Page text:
If full search (FS), i.e. exhaustive search or brute-force search, is exploited to find the best mapping color of each pixel, then the complexity of performing color mapping on image I is O( KN ) , in which N is the total of pixels in I . Moreover, the basic operation in this searching process is summing of squares. This dramatically increases the computational complexity of color mapping, and leads it to be very time-consuming, especially for large input image or high quantization level K . The condition will get even worse for some iterative quantization methods, such as the LBG algorithm [8], because color mapping needs to be performed in each iteration. To sum up, direct use of FS (full search) will make the color mapping step very time-consuming. This severely decreases the applicability of iterative quantization methods, especially when inputting a large image or specifying a high quantization level. Therefore, it is necessary to research on fast palette search methods to speed up the color mapping step, hence accelerate the whole quantization process. Viewing this, the paper proposes the Equal-Norm Equal-Sum Palette Search (ENESPS) algorithm, which makes combinatory use of the norm and sum constraints to narrow the searching range, and shortens the computation time remarkably. The rest part of this paper is organized as follows. Section 2 reviews related works. Section 3 presents the proposed ENESPS algorithm. Then, section 4 displays and analyzes the experimental results. It also gives some concluding remarks.

Related Works

To the authors knowledge, no existed work directly researches on the problem of fast
Quantization level is the number of colors in the palette. It is also the number of colors in the result image after quantization. Generally, it is no more than 255 and far less than the total colors in the input image.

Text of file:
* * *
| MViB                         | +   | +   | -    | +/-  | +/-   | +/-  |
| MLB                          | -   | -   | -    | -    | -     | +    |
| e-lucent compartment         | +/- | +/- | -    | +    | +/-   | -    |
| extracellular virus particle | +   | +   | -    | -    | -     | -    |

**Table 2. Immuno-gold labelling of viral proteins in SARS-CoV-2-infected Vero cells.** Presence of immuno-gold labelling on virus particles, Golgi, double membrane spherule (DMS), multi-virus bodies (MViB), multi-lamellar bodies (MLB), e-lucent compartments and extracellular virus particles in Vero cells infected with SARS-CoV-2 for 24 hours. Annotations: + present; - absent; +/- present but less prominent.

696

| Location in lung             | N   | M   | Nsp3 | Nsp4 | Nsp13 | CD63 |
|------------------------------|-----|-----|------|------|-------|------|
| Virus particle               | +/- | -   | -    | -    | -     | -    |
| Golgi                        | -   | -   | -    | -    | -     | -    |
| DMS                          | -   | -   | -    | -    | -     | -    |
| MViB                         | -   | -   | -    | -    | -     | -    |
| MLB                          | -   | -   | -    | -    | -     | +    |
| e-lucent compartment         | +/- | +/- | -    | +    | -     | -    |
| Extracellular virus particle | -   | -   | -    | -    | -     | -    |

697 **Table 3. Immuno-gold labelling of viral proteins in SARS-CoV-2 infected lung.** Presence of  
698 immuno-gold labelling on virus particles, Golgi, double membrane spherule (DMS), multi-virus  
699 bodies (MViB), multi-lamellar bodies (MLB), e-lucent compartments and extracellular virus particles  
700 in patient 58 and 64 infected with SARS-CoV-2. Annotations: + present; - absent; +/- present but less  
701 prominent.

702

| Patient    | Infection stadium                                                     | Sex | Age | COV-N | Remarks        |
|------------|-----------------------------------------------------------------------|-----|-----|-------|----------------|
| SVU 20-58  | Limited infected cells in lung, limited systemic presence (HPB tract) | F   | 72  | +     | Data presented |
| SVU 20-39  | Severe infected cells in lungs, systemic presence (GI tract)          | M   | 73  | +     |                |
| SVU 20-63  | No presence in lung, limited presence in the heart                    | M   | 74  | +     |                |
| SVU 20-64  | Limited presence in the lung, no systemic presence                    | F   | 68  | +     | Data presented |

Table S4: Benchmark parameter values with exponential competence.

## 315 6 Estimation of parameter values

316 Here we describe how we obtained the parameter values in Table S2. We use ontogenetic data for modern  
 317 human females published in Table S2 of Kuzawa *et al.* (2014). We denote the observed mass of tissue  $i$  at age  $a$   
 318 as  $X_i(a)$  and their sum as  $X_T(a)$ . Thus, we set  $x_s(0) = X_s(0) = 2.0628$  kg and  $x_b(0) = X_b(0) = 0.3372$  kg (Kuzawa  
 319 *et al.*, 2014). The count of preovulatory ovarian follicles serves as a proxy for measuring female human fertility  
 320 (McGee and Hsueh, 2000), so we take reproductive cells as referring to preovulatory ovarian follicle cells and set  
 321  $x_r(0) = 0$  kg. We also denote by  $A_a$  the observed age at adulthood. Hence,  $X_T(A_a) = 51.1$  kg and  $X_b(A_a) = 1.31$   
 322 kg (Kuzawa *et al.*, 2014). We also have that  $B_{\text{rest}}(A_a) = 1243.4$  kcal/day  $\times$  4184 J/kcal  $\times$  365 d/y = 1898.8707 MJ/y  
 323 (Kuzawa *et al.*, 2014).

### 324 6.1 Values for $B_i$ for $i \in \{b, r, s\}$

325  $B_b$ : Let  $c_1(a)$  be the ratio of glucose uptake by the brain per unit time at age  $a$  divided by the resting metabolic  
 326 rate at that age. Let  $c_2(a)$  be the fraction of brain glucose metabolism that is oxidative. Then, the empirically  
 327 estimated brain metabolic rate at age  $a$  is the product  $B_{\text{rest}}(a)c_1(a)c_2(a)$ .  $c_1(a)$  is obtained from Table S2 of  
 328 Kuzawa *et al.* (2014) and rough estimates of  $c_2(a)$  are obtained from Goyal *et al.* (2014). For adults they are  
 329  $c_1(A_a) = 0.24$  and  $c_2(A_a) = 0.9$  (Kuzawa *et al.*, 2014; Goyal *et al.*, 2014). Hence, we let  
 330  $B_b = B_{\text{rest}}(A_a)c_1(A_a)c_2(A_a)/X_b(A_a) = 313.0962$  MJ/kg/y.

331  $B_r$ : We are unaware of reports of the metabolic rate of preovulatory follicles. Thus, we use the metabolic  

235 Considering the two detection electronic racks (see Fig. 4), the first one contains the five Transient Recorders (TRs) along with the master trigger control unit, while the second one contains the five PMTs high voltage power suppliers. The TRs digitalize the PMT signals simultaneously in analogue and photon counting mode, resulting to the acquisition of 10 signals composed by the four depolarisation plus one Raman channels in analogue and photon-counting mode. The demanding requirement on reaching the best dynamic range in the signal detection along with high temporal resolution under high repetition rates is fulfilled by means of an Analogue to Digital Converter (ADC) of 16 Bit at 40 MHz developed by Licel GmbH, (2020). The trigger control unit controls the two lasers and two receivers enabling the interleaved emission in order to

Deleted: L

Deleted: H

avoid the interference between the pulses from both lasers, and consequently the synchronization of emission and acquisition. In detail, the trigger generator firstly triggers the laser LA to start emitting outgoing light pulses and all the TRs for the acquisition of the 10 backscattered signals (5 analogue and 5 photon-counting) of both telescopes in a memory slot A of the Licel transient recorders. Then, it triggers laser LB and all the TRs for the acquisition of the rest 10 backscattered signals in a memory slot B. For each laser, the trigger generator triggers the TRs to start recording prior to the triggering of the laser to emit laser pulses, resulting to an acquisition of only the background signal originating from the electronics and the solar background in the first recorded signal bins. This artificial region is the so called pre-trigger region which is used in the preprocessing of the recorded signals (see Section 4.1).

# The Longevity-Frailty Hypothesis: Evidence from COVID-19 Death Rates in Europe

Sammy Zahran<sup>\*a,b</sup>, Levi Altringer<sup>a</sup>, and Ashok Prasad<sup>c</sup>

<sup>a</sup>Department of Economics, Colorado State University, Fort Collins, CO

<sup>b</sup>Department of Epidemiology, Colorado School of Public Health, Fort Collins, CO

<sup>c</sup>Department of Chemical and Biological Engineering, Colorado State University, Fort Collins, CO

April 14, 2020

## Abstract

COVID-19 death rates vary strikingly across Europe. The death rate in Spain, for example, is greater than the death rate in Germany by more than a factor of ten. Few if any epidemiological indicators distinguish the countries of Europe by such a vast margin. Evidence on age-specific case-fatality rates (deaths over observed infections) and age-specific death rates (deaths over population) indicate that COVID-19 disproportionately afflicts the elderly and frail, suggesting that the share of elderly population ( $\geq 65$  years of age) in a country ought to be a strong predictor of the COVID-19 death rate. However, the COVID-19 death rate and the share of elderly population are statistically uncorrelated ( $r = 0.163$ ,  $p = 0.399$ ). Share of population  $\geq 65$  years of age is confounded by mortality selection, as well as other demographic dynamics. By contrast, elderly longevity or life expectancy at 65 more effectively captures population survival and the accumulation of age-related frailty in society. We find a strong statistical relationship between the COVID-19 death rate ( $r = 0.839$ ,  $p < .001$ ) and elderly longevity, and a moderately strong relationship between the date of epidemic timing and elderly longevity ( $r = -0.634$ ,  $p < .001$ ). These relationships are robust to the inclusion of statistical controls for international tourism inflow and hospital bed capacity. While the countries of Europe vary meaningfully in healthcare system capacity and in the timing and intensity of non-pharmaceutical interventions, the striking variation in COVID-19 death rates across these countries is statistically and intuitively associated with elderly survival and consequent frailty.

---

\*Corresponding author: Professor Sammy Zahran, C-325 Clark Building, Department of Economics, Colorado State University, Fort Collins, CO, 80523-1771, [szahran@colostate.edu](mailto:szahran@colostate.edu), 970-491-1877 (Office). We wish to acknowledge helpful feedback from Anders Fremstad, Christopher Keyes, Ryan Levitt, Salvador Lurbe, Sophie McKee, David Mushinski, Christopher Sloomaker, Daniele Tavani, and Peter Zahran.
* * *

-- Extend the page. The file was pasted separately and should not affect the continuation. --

palette searching in color mapping. However, since color is always described with three-dimensional vectors, color quantization can be regarded as a special case of vector quantization. Similar problem, i.e. fast codebook searching, exists in vector quantization [9]. And different heuristic approaches to it have been proposed. We can take these approaches as our research basis. The following parts of this section give a brief review of them. Existed fast codebook searching algorithm can be grouped into two classes. The first class makes use of some special codebook structure, such as tree-structure, to implement fast searching. The second class is independent of codebook structure, but introduces some heuristic rules to limit the searching range. The first class of methods requires a pre-processing step to establish the codebook structure. In addition, fixed codebook structure may limit the flexibility of subsequent quantization steps. Viewing this, this paper researches mainly on the second class of fast searching methods, i.e. it tries to introduce some elimination criteria to shorten the palette searching length. At present, there are four elimination criteria commonly used by encoding process in vector quantization. They are partial distortion search (PDS), the Mean Constraint, the Norm Constraint and triangle-inequality-based elimination criterion. Liu gives a detailed introduction to the first three [9]. And Huang et al. discuss about the application of the last one to fast vector encoding [10]. Now, we are to present a brief review on these criteria, in terms of color quantization and in the form of theorems. Since the first criterion is very evident, we will not give its proof.
P Theorem 1 (PDS): Let ci be an input pixel color, c k , clP be two different palette

P colors, i.e. k l . c k can be expanded as c kP = ( x kP1 , x kP2 , x kP3 ) P . If D0 = D(ci , clP ) is known, and there exists some integer M ( 1 M 3 ) satisfying the following P inequality, then c k will not be the best mapping color of ci .

j =1


P xkj ) 2 D0


P Theorem 2 (the Mean Constraint): Let ci , c k and clP be the same as above. The P averages of vector components of ci and c k are denoted separately as mi and mkP .If

the SED (squared Euclidean distance) between ci and clP , D0 = D(ci , clP ) , is known,
P then only palette color c k satisfying the following condition should be searched.

mi D0 3 < mkP < mi + D0 3